Miss COOL? Buy fresh, buy local, by Norbert Brauer

Miss COOL? Buy fresh, buy local

Hancock County Journal-Pilot

Norbert Brauer

Jan. 13, 2016

Brazil, Mexico, China, Hungary, Korea, Nicaragua and Poland – these are just a handful of the 35 countries that are currently eligible to export meat to the United States.

Until a few weeks ago, beef or pork products from any of these 35 countries were identified by a label as being either born, raised, slaughtered or processed in a particular country. This identification was called Country-of-Origin Labeling. COOL made it easy for consumers to choose whether or not they wished to purchase and consume meat or meat products imported from other countries. The label also ensured that consumers knew where their food came from – in exactly the same way as consumers can today still see where their underwear, stove, car or cell phone is manufactured.

The law was struck down in late December last year, however. This means that muscle cuts as well as ground beef and pork no longer need to carry a label showing where the meat comes from. This takes away consumers’ right to know where the beef or pork they plan on eating comes from. Groups like Farmers Union fought hard to keep the labeling law on the books, but in the end the battle was lost by a World Trade Organization ruling.

The end result is that the deep pockets of enormous meat companies and pressure from trade “allies” won the war against American consumers’ right to choose what they – and their children – want to eat. Clearly, the very lawmakers elected by the people to work for them, feel that the interests of large corporations (meat sales amounted to $186 billion in 2014) trump the rights of you and I.

To add insult to injury, there exists no law to oversee labeling. This means that pork labeled with a Product of the USA sticker could have been born and raised in England, while ribeye steaks or briskets with no label denoting country-of-origin may have originated in Australia, Canada or Mexico. This is a great victory for a virtually completely centralized industry where a handful of companies control virtually the entire world’s production, processing and distribution of pork and beef.

None of this is fixable. COOL most likely will never be part of the consumer landscape again. Think about this for a moment: Today, a cut of pork or beef that was produced, slaughtered and packed 10,000 miles away – where U.S. Food Safety Rules and Regulations don’t matter – can be shipped and sold more cheaply than, say, a ham that was produced, slaughtered and packaged 10 miles from where you live.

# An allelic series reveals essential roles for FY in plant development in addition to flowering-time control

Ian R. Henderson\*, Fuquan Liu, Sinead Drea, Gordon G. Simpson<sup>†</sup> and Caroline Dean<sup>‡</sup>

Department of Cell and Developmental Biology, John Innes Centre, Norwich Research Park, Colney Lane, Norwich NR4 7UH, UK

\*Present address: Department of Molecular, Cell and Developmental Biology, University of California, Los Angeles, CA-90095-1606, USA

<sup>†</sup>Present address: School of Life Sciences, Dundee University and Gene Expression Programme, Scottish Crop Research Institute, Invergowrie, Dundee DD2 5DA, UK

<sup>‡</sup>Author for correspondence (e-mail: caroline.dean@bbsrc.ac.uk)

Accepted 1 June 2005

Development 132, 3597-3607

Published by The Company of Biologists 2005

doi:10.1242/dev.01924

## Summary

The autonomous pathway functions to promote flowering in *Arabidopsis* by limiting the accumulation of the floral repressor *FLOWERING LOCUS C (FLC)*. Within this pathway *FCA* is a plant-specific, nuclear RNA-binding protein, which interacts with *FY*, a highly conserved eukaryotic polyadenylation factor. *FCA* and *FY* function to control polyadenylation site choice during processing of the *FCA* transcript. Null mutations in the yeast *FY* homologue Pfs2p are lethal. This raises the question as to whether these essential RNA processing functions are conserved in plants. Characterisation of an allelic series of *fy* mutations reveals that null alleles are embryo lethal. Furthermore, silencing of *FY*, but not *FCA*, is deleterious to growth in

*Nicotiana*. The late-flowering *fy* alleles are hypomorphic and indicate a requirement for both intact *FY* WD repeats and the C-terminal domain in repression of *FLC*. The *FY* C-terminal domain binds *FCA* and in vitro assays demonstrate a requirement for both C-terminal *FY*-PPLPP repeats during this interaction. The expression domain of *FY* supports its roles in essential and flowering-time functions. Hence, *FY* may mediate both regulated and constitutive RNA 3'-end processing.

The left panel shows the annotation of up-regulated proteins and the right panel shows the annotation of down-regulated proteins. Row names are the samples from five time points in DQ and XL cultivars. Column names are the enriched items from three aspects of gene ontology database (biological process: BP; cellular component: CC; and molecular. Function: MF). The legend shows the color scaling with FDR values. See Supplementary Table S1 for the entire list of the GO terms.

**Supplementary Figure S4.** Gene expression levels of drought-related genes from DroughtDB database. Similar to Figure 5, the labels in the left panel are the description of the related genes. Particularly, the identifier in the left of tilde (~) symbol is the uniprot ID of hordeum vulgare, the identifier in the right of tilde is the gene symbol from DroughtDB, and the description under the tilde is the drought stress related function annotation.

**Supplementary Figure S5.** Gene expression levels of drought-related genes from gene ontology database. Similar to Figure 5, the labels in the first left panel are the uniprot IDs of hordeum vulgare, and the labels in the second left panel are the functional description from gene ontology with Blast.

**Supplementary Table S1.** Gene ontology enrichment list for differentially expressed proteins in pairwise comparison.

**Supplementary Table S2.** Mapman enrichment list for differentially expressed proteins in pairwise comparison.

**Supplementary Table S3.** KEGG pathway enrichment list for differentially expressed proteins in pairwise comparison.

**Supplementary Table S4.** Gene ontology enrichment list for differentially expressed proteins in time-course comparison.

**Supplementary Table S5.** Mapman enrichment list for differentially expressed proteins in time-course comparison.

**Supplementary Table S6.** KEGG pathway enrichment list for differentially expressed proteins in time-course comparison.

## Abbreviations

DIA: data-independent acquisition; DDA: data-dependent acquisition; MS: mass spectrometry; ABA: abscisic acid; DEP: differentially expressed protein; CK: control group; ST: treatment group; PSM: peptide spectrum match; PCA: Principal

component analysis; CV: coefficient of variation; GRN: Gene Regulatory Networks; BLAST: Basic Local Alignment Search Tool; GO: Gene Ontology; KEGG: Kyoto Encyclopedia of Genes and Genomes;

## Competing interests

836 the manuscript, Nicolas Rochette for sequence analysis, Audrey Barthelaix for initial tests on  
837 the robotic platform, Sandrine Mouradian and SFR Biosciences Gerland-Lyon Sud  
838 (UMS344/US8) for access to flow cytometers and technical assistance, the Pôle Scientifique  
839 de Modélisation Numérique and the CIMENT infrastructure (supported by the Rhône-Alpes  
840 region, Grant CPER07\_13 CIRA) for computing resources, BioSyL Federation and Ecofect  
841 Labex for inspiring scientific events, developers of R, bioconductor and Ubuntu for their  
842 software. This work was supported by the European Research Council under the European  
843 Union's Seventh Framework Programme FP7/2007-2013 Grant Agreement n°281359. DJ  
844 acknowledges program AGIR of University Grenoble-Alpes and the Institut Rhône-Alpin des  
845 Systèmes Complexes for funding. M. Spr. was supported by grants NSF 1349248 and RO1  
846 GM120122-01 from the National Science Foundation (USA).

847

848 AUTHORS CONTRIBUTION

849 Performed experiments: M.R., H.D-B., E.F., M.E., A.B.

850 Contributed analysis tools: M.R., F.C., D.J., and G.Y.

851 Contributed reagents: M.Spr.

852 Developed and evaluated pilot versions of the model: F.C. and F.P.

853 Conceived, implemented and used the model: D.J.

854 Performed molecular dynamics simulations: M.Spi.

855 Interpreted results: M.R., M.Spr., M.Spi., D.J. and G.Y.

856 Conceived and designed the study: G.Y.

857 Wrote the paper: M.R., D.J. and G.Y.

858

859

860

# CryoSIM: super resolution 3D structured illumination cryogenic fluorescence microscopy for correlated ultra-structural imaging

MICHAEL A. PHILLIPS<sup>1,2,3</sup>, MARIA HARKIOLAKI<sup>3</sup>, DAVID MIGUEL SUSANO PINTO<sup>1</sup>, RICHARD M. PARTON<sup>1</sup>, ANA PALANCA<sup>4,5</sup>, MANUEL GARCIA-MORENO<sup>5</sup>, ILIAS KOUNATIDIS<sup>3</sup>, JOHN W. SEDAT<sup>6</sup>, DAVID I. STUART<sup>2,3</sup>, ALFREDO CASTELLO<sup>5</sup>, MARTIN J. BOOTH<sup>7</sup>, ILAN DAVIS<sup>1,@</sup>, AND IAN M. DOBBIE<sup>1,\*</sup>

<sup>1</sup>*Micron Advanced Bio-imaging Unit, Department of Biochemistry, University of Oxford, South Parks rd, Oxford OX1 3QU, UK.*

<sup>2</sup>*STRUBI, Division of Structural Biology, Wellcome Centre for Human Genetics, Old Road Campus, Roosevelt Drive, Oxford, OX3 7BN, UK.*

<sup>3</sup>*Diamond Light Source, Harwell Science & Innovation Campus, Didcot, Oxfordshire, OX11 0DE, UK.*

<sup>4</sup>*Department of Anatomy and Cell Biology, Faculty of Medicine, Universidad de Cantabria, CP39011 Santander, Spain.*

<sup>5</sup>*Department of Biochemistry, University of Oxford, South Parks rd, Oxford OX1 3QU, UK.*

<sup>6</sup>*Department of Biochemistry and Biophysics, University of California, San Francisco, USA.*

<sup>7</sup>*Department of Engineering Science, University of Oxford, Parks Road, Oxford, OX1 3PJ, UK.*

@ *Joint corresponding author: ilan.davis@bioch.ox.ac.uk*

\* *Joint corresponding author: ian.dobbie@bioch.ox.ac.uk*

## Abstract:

In a world like this, you and your family don’t win, and local farmers certainly don’t.

So what can you do? Step outside the system. Buy your meat direct from farmers and farmer’s markets, or shop at stores that buy from local farmers and producers. Buy fresh and buy local. In that way, you know the origin of the product and sometimes even the person who produced it.

The Illinois Stewardship Alliance’s Buy Fresh, Buy Local guide is a great online resource listing independent family farmers that offer a range of meat and meat products as well as vegetables, fruit and other products. The guide can be found at www.buyfreshbuylocalcentralillinois.org.

Consumers in Illinois now also have access to a useful new mobile app developed by a non-profit organization called Crate Free Illinois. The app lists and maps scores of local family farmers that raise beef, pork, chicken and eggs in the traditional manner. That means these animals are raised humanely and cage-free by farmers who understand animal stewardship. Finding a farmer close to you has never been easier – whether you live in the heart of the city or in a rural area. Download the “Crate Free Illinois” app – available for iOS and Android – and make a friend of a local family farmer near you.

Sure, your steak, sausage or chicken may cost a little more. But like most things, the little extra you pay today will prove to be an investment tomorrow.

Norbert Brauer is president of the Illinois Farmers Union.

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